Western blots

Cell lysate samples were resolved by SDS-PAGE and immunoblotted as described previously (27) with antibodies specific for XIAP (AF8221), cIAP1 (AF8181), and cIAP2 (AF8171) from R&D Systems, and the following antibodies from Cell Signaling Technology: cleaved caspase-3 (#9664), cleaved PARP (#9541), cleaved caspase-9 (#9505), phospho-p65 (S536; #3033), phospho-IκBα (Ser32; #2859), total IκBα (#4814), NF-κB1 (p105/p50; #3035), NF-κB2 (p100/p52; #4882), SMAC (#2954), NIK (4994), and β-actin (#8457).

Immunoprecipitation with anti-XIAP

Equivalent amounts of cell lysate were incubated overnight at 4°C with protein A/G magnetic beads (Pierce) coated with anti-XIAP polyclonal antibody (R&D Systems). The beads were washed and boiled in SDS sample buffer containing DTT, before analysis of the eluted proteins by Western blotting. Western blots of the same lysate before immunoprecipitation were used for comparison. Antagonism of XIAP by ASTX660 was monitored by Western blotting for levels of SMAC immunoprecipitated by XIAP.

Meso Scale discovery assays

An engineered HEK293 cell line (clonal isolate from stable transfection with full-length FLAG-tagged XIAP expression construct (RC207627) and a full-length untagged caspase-9 construct (SC119362; Origene) were used to detect XIAP binding to caspase-9. Cells were incubated with compound for 2 hours, lysed, and lysates added to streptavidin Meso Scale Discovery (MSD) plates coated with biotinylated anti-XIAP polyclonal antibody (R&D Systems), before washing and probing with anti–caspase-9 or anti-XIAP antibody (Cell Signaling Technology), followed by the appropriate secondary detection antibody.

An MSD plate-based assay was used to quantify levels of cIAP1 in MDA-MB-231 after 2-hour ASTX660 treatment. Cells were incubated with compound for 2 hours, washed, and lysed. Lysates were applied to MSD plates as described previously (27).

Live cell imaging

Cells were imaged in real time using the IncuCyte ZOOM live cell imager (Essen BioScience). Cells were incubated with compound in 0.1% (v/v) DMSO, with or without neutralizing anti-TNFα antibody (R&D Systems) for 5 days, and live images were taken every 3 hours using a 10× objective. IncuCyte software was used to calculate mean percent confluency from four nonoverlapping phase-contrast images of each well.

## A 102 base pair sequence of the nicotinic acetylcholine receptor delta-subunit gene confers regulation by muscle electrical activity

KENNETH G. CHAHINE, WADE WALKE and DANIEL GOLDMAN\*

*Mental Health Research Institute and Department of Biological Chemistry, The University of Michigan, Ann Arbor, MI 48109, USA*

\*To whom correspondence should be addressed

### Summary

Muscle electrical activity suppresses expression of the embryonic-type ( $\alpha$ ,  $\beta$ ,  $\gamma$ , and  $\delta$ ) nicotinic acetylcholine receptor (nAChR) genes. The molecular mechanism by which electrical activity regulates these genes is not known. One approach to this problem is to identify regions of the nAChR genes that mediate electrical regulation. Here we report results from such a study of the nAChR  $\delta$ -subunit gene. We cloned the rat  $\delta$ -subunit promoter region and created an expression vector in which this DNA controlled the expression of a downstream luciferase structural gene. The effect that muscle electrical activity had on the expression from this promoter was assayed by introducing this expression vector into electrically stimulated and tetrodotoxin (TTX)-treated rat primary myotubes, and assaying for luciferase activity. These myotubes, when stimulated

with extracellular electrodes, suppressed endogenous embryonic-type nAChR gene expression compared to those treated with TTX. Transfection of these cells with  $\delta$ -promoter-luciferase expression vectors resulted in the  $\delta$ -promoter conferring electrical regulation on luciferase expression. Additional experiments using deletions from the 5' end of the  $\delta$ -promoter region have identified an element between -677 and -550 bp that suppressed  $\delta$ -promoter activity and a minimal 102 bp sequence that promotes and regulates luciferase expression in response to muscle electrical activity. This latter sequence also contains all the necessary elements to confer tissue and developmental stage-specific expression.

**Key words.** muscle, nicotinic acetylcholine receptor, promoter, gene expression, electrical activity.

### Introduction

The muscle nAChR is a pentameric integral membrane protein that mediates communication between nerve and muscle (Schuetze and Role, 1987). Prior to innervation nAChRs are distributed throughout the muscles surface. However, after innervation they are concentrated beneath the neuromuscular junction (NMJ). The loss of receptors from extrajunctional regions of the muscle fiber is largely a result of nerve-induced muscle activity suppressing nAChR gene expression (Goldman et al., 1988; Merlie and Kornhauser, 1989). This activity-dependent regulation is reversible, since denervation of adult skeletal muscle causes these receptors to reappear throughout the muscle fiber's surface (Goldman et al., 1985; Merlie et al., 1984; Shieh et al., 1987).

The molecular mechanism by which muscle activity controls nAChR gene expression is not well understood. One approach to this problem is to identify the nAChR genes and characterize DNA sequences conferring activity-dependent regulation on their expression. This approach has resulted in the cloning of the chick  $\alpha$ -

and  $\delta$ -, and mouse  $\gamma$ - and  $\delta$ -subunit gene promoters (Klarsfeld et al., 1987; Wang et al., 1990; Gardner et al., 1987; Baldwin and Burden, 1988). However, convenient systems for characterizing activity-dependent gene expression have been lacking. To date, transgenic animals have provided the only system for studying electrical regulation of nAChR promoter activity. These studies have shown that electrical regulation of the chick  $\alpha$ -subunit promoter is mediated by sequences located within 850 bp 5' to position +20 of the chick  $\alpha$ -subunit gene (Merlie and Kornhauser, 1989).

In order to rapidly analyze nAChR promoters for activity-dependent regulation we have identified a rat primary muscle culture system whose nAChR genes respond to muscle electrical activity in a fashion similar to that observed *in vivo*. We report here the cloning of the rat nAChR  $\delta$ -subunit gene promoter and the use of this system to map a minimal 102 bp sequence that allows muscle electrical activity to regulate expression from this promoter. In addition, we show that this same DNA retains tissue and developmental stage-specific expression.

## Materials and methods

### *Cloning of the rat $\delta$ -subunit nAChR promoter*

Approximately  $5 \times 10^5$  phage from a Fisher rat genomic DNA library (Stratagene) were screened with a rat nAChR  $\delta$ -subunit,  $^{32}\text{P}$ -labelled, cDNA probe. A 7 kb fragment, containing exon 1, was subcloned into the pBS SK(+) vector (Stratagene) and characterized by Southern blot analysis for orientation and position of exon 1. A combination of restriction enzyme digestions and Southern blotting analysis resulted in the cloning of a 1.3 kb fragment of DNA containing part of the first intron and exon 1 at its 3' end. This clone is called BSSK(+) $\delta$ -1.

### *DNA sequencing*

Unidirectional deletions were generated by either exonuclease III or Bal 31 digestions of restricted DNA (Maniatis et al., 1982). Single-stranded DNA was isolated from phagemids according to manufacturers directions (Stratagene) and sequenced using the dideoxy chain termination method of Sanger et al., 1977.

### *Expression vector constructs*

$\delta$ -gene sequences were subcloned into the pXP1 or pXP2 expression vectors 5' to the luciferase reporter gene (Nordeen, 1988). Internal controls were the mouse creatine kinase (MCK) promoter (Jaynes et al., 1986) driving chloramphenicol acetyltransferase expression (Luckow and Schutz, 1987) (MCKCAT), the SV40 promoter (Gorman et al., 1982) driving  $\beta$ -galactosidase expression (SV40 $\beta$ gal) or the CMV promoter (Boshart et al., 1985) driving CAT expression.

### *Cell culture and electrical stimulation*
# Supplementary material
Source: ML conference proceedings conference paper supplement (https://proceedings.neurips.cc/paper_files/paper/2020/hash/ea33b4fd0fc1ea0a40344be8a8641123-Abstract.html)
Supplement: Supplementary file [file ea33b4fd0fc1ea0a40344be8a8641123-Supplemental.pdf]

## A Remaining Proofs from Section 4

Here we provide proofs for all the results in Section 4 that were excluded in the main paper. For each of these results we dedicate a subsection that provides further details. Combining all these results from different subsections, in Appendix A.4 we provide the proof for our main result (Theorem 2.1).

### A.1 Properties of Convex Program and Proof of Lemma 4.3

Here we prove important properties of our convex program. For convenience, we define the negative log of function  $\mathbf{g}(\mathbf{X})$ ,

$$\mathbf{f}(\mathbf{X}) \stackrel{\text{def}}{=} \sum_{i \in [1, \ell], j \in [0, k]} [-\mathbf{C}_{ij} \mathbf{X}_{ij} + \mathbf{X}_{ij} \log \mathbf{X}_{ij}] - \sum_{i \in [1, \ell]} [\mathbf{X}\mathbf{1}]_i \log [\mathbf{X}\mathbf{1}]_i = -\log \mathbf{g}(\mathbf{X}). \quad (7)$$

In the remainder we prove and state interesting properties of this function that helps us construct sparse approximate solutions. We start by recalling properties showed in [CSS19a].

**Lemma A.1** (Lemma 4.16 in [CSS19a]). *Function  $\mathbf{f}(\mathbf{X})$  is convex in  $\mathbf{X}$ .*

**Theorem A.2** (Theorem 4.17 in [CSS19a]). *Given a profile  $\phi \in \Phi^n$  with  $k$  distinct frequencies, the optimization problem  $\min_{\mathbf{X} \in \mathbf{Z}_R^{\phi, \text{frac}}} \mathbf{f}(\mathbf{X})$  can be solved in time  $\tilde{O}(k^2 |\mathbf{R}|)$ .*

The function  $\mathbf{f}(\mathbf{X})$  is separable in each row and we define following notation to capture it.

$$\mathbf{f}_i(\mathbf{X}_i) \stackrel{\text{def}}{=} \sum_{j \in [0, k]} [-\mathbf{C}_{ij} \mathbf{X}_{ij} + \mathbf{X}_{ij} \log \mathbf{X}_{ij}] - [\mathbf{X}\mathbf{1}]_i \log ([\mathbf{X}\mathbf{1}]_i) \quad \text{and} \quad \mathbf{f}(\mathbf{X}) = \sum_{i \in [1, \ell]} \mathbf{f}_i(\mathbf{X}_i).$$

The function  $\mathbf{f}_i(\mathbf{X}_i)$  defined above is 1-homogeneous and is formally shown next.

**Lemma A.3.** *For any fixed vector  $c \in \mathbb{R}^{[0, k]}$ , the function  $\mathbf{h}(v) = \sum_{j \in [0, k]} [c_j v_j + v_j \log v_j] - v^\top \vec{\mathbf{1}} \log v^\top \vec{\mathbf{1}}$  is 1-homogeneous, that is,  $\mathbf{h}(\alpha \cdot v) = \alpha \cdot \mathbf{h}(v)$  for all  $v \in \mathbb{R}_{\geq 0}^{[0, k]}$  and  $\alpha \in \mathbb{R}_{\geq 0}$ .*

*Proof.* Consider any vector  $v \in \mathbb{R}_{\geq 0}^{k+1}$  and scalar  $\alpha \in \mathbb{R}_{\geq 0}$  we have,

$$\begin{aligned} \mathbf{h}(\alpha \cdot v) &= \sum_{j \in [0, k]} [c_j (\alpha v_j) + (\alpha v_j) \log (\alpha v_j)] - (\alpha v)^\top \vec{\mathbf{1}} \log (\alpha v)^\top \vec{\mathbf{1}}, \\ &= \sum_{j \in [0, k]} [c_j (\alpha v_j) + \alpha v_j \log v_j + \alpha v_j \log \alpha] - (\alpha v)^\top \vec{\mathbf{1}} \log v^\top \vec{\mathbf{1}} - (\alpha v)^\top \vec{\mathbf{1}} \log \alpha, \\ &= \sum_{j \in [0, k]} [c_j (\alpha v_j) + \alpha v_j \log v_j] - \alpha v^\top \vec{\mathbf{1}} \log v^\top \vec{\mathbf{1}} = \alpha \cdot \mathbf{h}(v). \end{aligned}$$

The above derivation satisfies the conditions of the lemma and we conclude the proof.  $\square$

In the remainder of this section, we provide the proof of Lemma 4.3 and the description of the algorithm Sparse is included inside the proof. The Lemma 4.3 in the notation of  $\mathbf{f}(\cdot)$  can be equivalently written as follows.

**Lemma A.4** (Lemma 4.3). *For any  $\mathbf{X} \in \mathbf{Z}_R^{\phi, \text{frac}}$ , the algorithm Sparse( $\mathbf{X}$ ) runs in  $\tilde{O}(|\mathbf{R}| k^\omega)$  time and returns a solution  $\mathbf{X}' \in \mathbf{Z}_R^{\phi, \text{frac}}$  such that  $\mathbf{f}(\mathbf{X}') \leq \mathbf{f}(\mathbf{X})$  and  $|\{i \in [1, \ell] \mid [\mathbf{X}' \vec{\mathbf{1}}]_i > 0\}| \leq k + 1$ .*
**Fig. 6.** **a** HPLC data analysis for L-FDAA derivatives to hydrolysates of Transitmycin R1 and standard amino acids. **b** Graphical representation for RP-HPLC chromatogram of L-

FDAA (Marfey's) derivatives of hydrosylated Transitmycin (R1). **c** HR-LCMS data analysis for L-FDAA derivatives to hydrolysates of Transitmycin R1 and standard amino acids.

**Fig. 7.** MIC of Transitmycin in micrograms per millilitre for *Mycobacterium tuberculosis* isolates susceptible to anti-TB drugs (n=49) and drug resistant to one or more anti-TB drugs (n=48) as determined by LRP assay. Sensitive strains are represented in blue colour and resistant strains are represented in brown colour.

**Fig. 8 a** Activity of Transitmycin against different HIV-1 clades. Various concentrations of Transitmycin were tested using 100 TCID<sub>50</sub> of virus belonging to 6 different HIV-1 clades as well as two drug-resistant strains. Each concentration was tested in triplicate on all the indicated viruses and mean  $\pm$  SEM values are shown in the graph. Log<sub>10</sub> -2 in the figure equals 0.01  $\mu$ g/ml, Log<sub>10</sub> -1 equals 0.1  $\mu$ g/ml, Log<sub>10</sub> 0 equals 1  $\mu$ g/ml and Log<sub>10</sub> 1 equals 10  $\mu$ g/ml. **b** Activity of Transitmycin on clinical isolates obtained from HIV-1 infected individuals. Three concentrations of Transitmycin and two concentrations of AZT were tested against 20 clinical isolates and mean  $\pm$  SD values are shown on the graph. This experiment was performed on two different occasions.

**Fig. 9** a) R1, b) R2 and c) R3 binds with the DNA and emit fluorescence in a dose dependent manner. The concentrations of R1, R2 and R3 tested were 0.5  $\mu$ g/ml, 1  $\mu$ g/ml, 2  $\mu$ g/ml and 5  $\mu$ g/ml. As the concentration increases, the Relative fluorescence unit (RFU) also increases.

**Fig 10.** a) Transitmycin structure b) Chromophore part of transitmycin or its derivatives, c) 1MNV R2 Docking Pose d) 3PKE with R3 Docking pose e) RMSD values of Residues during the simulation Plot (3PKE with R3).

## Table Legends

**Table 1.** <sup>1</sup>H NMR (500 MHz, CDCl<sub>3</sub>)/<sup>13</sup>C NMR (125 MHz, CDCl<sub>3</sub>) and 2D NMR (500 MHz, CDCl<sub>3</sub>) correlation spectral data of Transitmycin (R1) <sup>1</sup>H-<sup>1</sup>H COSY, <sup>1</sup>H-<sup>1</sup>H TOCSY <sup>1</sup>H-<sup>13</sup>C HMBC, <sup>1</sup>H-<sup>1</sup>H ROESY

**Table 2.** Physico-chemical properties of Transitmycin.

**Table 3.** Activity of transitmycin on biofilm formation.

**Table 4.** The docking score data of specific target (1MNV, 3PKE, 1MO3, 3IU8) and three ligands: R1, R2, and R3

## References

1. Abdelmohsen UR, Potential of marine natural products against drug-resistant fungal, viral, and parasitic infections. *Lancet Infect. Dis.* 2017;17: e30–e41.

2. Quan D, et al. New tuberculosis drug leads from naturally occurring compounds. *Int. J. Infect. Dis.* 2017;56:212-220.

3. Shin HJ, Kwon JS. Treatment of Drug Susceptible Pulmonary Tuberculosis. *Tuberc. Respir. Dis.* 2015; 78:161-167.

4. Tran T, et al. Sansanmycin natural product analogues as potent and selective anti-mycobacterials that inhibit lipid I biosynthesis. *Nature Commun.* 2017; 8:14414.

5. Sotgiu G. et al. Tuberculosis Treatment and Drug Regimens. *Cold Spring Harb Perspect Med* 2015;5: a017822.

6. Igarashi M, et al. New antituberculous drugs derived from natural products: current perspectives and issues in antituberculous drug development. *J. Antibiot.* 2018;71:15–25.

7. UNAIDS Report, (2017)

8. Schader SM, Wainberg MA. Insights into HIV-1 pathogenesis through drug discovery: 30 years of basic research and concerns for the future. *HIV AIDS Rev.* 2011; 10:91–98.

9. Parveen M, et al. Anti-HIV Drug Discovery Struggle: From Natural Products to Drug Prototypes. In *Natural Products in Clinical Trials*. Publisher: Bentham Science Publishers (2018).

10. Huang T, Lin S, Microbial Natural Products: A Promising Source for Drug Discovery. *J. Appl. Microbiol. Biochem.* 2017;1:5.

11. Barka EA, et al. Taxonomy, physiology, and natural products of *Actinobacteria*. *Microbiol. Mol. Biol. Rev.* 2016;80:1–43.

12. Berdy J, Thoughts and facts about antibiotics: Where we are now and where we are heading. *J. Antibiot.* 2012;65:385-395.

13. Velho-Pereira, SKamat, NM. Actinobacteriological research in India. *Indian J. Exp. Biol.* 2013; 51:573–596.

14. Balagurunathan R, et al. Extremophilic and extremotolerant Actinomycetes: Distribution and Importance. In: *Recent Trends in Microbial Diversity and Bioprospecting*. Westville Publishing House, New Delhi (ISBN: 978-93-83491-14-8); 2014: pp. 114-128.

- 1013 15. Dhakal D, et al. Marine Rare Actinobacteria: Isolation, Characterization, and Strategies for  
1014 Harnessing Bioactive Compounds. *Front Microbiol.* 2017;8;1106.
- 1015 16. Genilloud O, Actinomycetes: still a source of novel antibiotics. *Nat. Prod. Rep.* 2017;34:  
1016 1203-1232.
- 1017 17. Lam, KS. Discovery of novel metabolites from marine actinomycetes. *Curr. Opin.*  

Induction of apoptosis was measured over the first 24 hours by including the Essen BioScience IncuCyte Caspase-3/7 Reagent at a final concentration of 2 μmol/L in all the wells. Apoptotic cells were identified by the appearance of green-labeled nuclei, and green fluorescence was measured in real time in the green FL1 channel of the IncuCyte ZOOM live cell microscope.

Apoptosis cytometry assays

After incubation of the cells with ASTX660 for the designated length of time, cells were harvested by trypsinization, spun down, and 100 μL FACS buffer (PBS + 1% FBS) was added. Cells were then added to a 96-well plate and 100 μL of 2× CellEvent reagent (Thermo Fisher Scientific; 4 μmol/L in FACS buffer) was added. The plate was incubated in the dark for 30 minutes before measuring fluorescent stained cells in a Guava easyCyte HT cytometer (Millipore). Cleaved caspase-3 staining was recorded in the FL1 channel, with unstained and DMSO control wells being used to set the gated stained and unstained cell populations.

Cell line viability screening

In-house cell viability assays were set up using alamarBlue reagent (Bio-Rad) as described previously (27). A human melanoma cell line panel was analyzed at ChemPartner by CellTiter-Glo luminescent cell proliferation assay (Promega) after ASTX660 treatment for 72 hours in the presence or absence of 1 ng/mL TNFα (R&D Systems). Data were normalized to 0.1% DMSO (v/v) control, and the drug response, measured as the area over the dose–response curve (activity area), was determined for each cell line (29).